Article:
It was under this thinking that New York City Comptroller Scott M. Stringer recently called on 56 S&P 500 companies to increase the number of women board members and C-suite executives. In the letter he sent to each of them, he cited research saying that firms with greater gender and ethnic diversity tend to have stronger financial performance, and that diverse boards have fewer instances of bribery, corruption and fraud.

This was also why BlackRock and Vanguard, two of ExxonMobil’s largest shareholders, chose in 2017 to support a proposal to pressure the company to undergo a stress test of how environmental regulations and new energy technologies could affect its oil assets. David H. Webber, a Boston University law professor who specializes in shareholder activism, said that those two asset managers taking this proposal seriously indicates how “pervasive” ESG thinking has spread into the wider investment world.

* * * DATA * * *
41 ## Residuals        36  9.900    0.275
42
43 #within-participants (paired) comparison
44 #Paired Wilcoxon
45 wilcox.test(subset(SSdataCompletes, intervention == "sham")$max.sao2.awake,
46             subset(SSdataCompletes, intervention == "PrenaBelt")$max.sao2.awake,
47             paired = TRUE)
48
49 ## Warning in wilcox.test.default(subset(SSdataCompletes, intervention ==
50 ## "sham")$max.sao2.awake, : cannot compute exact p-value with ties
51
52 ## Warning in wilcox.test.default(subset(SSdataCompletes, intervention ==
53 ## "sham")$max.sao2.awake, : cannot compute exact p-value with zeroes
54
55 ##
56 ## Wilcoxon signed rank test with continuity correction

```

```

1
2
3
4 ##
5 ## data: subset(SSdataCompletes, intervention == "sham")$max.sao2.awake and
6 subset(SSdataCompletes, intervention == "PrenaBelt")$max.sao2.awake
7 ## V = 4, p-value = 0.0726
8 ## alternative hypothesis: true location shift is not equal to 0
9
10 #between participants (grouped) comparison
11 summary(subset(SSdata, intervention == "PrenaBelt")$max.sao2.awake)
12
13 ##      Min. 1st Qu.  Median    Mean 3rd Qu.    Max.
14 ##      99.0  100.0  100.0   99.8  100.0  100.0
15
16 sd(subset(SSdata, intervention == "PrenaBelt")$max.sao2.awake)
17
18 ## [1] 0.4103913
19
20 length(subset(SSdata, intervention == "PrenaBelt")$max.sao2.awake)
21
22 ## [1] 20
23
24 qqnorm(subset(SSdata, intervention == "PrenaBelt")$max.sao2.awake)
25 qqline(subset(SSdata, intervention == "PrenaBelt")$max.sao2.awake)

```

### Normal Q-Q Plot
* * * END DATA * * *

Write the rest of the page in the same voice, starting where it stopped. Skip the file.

“These environmental issues, for years, would get on the ballot and lose, but that has started to change in the last couple of years, and one of the reasons is the big players, the big mutual funds, that used to be totally opposed to this stuff have started to back it for a variety of different reasons,” he said.

He said the ExxonMobil vote was one of the first times that “these traditional centrist players” saw environmental issues as, what he called, “bread-and-butter investment stuff,” rather than a political distraction, as they had traditionally been viewed. This is further reflected in these firms’ voting policies, which, along with State Street Global Advisors’, stand in opposition to corporate boards that do not have any women on them. He said that BlackRock, in fact, now demands two women on each board that it invests in, and will vote against incumbent directors on boards that have not followed that policy.